Transmuting property refers to the process of changing the character or ownership of a property from one type to another. This can involve transforming a piece of property from separate property to community property, or vice versa, as well as converting a tenancy in common to a joint tenancy, or changing the ownership of property from an individual to a business entity.
The concept of transmutation can be complex and is often subject to strict legal requirements.
In this article, we will take a closer look at the process of transmuting property and explore the various ways it can be done. From the legal requirements and procedures involved to the potential implications of transmuting property, we’ll cover everything you need to know to make an informed decision about your property. Whether you’re a property owner or a real estate professional, this article will provide you with a comprehensive overview of the process of transmuting property.
When to Transmute Property?
What does it mean to transmute property? California is a community property state. Therefore, when two people get married, generally all property, real and personal, they acquire during marriage belongs equally to each spouse. Similarly, any property that each spouse acquired before marriage remains their separate property. However, the characterization of the property can change from separate to community or community to separate through certain actions by the couple. This change in characterization is called a transmutation.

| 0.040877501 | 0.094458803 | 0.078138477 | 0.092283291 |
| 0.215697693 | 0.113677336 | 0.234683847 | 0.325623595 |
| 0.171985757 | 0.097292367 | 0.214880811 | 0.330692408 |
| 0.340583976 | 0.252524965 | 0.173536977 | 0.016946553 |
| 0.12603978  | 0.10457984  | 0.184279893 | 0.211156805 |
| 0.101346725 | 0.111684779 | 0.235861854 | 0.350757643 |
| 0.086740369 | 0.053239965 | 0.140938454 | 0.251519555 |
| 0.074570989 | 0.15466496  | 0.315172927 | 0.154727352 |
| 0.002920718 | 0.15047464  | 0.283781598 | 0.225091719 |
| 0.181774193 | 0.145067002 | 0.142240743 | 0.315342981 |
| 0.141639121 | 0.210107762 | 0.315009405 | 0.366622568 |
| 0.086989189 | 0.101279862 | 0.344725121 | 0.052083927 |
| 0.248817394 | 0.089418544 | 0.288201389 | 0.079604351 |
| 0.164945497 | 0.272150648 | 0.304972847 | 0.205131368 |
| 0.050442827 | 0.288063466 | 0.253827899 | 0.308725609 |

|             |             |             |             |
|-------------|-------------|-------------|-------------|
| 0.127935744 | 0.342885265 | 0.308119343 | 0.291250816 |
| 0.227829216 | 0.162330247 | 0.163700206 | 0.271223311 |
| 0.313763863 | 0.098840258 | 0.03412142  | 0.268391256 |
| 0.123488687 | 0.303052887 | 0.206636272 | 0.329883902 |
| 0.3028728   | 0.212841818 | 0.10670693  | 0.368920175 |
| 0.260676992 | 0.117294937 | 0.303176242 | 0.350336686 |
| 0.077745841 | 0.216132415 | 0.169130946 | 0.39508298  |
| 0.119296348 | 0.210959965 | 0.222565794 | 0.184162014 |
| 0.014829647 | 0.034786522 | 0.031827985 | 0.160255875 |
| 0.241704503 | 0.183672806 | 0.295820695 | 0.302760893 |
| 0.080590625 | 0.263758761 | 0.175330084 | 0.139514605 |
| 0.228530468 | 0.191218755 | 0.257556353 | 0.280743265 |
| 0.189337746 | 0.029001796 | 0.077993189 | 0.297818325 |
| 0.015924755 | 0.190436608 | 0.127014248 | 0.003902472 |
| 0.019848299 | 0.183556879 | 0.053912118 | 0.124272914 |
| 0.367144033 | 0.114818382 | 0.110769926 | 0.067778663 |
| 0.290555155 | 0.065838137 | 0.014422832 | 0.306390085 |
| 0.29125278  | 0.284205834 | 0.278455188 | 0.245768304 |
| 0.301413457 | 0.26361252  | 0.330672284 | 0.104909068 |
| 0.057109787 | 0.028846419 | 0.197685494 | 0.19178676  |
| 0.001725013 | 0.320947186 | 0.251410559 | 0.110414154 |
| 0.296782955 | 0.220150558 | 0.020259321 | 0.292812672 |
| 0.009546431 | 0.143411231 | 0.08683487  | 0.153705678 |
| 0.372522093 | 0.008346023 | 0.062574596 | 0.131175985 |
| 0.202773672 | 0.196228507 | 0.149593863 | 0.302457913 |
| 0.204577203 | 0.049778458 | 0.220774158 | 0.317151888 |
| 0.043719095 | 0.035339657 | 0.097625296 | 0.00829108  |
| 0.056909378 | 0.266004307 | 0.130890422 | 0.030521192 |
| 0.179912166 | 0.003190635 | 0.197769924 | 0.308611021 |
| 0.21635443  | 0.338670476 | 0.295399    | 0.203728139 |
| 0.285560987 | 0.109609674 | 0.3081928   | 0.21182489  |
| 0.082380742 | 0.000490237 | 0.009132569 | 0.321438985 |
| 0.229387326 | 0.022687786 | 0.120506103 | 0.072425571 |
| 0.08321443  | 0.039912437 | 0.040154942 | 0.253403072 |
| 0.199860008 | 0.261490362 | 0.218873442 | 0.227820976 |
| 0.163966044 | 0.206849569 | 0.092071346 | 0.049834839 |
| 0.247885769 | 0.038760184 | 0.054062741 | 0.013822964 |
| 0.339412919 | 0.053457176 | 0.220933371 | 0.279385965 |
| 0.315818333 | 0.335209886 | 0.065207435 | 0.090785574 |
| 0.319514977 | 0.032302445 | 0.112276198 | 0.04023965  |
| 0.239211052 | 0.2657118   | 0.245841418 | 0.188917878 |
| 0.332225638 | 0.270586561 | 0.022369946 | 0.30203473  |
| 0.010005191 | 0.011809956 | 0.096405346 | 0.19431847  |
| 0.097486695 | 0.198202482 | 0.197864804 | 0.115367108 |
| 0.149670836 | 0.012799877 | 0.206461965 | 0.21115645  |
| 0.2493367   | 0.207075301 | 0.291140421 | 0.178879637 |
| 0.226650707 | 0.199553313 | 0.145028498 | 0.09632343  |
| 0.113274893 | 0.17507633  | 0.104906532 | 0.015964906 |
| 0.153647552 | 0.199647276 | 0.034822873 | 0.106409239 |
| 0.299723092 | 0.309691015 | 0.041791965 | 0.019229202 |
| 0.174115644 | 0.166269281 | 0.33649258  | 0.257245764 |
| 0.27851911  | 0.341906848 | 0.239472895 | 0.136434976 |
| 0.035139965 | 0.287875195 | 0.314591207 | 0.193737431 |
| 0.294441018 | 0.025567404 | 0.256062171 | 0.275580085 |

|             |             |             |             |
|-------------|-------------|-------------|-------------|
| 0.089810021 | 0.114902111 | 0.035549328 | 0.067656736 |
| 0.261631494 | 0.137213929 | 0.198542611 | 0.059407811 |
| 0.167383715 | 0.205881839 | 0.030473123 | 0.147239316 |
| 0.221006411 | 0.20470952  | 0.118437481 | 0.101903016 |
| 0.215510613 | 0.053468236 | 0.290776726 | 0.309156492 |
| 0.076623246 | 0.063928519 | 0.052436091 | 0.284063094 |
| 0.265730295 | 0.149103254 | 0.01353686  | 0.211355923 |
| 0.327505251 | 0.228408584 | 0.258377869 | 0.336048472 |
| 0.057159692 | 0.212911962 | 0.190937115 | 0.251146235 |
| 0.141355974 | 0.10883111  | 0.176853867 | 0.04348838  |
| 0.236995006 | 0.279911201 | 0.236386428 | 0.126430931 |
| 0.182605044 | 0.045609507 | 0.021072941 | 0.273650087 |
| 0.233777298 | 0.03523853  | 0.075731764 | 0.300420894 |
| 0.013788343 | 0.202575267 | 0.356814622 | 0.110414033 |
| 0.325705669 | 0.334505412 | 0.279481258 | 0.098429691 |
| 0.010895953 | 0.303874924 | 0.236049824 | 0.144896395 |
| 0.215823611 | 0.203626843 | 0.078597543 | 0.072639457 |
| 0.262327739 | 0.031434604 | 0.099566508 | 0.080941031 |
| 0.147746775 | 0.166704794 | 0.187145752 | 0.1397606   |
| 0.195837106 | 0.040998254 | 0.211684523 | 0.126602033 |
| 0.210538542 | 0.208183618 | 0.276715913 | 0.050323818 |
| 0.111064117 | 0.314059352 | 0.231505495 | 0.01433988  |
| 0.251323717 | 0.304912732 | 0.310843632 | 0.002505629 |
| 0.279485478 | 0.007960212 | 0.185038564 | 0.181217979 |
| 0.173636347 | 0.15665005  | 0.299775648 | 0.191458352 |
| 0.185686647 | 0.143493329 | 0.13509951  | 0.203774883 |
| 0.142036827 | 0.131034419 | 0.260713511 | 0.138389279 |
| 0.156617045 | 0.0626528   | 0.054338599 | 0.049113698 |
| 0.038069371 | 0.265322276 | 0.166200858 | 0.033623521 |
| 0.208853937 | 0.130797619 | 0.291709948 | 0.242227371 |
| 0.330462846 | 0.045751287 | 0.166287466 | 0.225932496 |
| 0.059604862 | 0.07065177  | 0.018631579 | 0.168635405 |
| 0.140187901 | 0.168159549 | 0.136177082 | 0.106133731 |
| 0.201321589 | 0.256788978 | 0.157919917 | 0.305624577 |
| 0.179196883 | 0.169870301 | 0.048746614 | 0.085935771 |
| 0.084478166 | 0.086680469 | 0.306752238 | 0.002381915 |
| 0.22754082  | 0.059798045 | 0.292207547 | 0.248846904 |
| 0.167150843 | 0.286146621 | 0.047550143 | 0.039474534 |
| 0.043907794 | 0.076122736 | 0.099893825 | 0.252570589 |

How to Effectively Transmute a property?
To effectively transmute the characterization of property, both spouses must adhere to the statutory formalities under the California Family Code. Specifically, for transmutations made on or after January 1, 1985 to be valid, they must be “in writing by an express declaration that is made, joined in, consented to, or accepted by the spouse whose property is adversely affect.” (Family Code § 852.) The writing must expressly state that the characterization or ownership of the property is being changed. This can be done through an interspousal transfer deed. For the transmutation to be effective as to third parties, the writing must be recorded.
Must be in Writing
Importantly, both spouses must accept the transmutation in writing. Therefore, one spouse cannot unilaterally transfer property to the other without the other spouse actively accepting such transfer. One spouse’s refusal to accept the other spouse’s interspousal transfer deed can actually prevent the transmutation of the characterization of that spouse’s property.
Spouses must strictly comply with the writing requirement under Family Code section 852 to transmute property. Therefore, unlike typical writing requirements for contracts with statute of fraud exceptions, the Family Code section 852 writing requirement is not subject to traditional statute of frauds exceptions. For example, spouses cannot effectively transmute property by showing that they entered into an oral agreement to transmute property and then performed the terms of the agreement. Similarly, extrinsic evidence is irrelevant and inadmissible to show an alleged transmutation. Instead, spouses must strictly comply with the express written declaration required under Family Code section 852 to validly transmute property.